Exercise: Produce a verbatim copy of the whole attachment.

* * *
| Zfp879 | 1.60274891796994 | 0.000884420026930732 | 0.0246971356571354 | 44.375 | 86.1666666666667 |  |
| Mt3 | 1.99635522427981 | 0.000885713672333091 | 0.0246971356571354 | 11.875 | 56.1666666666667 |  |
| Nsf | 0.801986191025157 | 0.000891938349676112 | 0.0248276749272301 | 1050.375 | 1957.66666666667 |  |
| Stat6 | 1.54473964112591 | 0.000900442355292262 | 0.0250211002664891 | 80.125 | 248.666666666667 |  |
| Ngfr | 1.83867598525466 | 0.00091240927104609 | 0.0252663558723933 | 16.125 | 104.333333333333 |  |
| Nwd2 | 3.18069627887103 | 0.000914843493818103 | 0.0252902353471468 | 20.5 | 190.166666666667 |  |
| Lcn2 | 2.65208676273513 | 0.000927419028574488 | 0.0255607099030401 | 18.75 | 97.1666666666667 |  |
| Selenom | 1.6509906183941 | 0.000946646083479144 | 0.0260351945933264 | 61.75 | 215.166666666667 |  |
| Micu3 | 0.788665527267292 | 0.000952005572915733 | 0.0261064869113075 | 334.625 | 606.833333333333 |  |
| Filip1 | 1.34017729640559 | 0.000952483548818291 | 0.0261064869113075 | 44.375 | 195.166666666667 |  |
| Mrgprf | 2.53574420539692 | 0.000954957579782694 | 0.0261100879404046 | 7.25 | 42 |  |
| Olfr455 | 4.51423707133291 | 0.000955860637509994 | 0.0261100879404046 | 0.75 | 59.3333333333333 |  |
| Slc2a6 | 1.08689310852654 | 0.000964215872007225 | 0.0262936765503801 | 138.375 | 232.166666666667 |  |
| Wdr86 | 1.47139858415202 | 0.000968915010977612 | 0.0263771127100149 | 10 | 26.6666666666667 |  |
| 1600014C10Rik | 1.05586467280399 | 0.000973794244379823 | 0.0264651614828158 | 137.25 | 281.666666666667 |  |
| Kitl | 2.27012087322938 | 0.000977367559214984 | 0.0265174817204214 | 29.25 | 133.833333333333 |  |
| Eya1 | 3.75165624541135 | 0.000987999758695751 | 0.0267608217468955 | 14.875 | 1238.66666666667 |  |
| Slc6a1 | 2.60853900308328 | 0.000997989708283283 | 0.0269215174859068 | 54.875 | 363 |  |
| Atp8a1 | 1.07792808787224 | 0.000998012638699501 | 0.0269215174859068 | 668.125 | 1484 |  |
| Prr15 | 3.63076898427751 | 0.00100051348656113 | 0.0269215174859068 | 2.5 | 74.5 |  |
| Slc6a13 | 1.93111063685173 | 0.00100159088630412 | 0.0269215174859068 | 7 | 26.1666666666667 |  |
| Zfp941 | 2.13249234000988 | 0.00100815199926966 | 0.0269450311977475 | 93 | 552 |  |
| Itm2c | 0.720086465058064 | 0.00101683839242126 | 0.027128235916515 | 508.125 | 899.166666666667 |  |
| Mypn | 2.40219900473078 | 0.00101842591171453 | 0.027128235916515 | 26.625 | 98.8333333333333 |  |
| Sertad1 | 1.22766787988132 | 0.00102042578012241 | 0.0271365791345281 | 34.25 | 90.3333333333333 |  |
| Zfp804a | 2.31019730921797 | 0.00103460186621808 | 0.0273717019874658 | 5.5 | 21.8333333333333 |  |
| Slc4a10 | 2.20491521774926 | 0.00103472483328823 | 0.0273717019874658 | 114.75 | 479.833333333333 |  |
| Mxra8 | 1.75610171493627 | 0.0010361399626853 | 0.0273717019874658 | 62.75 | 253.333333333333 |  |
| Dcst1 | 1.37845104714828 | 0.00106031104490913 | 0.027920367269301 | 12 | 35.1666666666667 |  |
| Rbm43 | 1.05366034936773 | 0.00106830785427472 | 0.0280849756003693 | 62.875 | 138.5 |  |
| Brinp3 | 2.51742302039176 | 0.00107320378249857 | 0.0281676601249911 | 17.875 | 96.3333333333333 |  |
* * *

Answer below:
| Zfp879 | 1.60274891796994 | 0.000884420026930732 | 0.0246971356571354 | 44.375 | 86.1666666666667 |  |
| Mt3 | 1.99635522427981 | 0.000885713672333091 | 0.0246971356571354 | 11.875 | 56.1666666666667 |  |
| Nsf | 0.801986191025157 | 0.000891938349676112 | 0.0248276749272301 | 1050.375 | 1957.66666666667 |  |
| Stat6 | 1.54473964112591 | 0.000900442355292262 | 0.0250211002664891 | 80.125 | 248.666666666667 |  |
| Ngfr | 1.83867598525466 | 0.00091240927104609 | 0.0252663558723933 | 16.125 | 104.333333333333 |  |
| Nwd2 | 3.18069627887103 | 0.000914843493818103 | 0.0252902353471468 | 20.5 | 190.166666666667 |  |
| Lcn2 | 2.65208676273513 | 0.000927419028574488 | 0.0255607099030401 | 18.75 | 97.1666666666667 |  |
| Selenom | 1.6509906183941 | 0.000946646083479144 | 0.0260351945933264 | 61.75 | 215.166666666667 |  |
| Micu3 | 0.788665527267292 | 0.000952005572915733 | 0.0261064869113075 | 334.625 | 606.833333333333 |  |
| Filip1 | 1.34017729640559 | 0.000952483548818291 | 0.0261064869113075 | 44.375 | 195.166666666667 |  |
| Mrgprf | 2.53574420539692 | 0.000954957579782694 | 0.0261100879404046 | 7.25 | 42 |  |
| Olfr455 | 4.51423707133291 | 0.000955860637509994 | 0.0261100879404046 | 0.75 | 59.3333333333333 |  |
| Slc2a6 | 1.08689310852654 | 0.000964215872007225 | 0.0262936765503801 | 138.375 | 232.166666666667 |  |
| Wdr86 | 1.47139858415202 | 0.000968915010977612 | 0.0263771127100149 | 10 | 26.6666666666667 |  |
| 1600014C10Rik | 1.05586467280399 | 0.000973794244379823 | 0.0264651614828158 | 137.25 | 281.666666666667 |  |
| Kitl | 2.27012087322938 | 0.000977367559214984 | 0.0265174817204214 | 29.25 | 133.833333333333 |  |
| Eya1 | 3.75165624541135 | 0.000987999758695751 | 0.0267608217468955 | 14.875 | 1238.66666666667 |  |
| Slc6a1 | 2.60853900308328 | 0.000997989708283283 | 0.0269215174859068 | 54.875 | 363 |  |
| Atp8a1 | 1.07792808787224 | 0.000998012638699501 | 0.0269215174859068 | 668.125 | 1484 |  |
| Prr15 | 3.63076898427751 | 0.00100051348656113 | 0.0269215174859068 | 2.5 | 74.5 |  |
| Slc6a13 | 1.93111063685173 | 0.00100159088630412 | 0.0269215174859068 | 7 | 26.1666666666667 |  |
| Zfp941 | 2.13249234000988 | 0.00100815199926966 | 0.0269450311977475 | 93 | 552 |  |
| Itm2c | 0.720086465058064 | 0.00101683839242126 | 0.027128235916515 | 508.125 | 899.166666666667 |  |
| Mypn | 2.40219900473078 | 0.00101842591171453 | 0.027128235916515 | 26.625 | 98.8333333333333 |  |
| Sertad1 | 1.22766787988132 | 0.00102042578012241 | 0.0271365791345281 | 34.25 | 90.3333333333333 |  |
| Zfp804a | 2.31019730921797 | 0.00103460186621808 | 0.0273717019874658 | 5.5 | 21.8333333333333 |  |
| Slc4a10 | 2.20491521774926 | 0.00103472483328823 | 0.0273717019874658 | 114.75 | 479.833333333333 |  |
| Mxra8 | 1.75610171493627 | 0.0010361399626853 | 0.0273717019874658 | 62.75 | 253.333333333333 |  |
| Dcst1 | 1.37845104714828 | 0.00106031104490913 | 0.027920367269301 | 12 | 35.1666666666667 |  |
| Rbm43 | 1.05366034936773 | 0.00106830785427472 | 0.0280849756003693 | 62.875 | 138.5 |  |
| Brinp3 | 2.51742302039176 | 0.00107320378249857 | 0.0281676601249911 | 17.875 | 96.3333333333333 |  |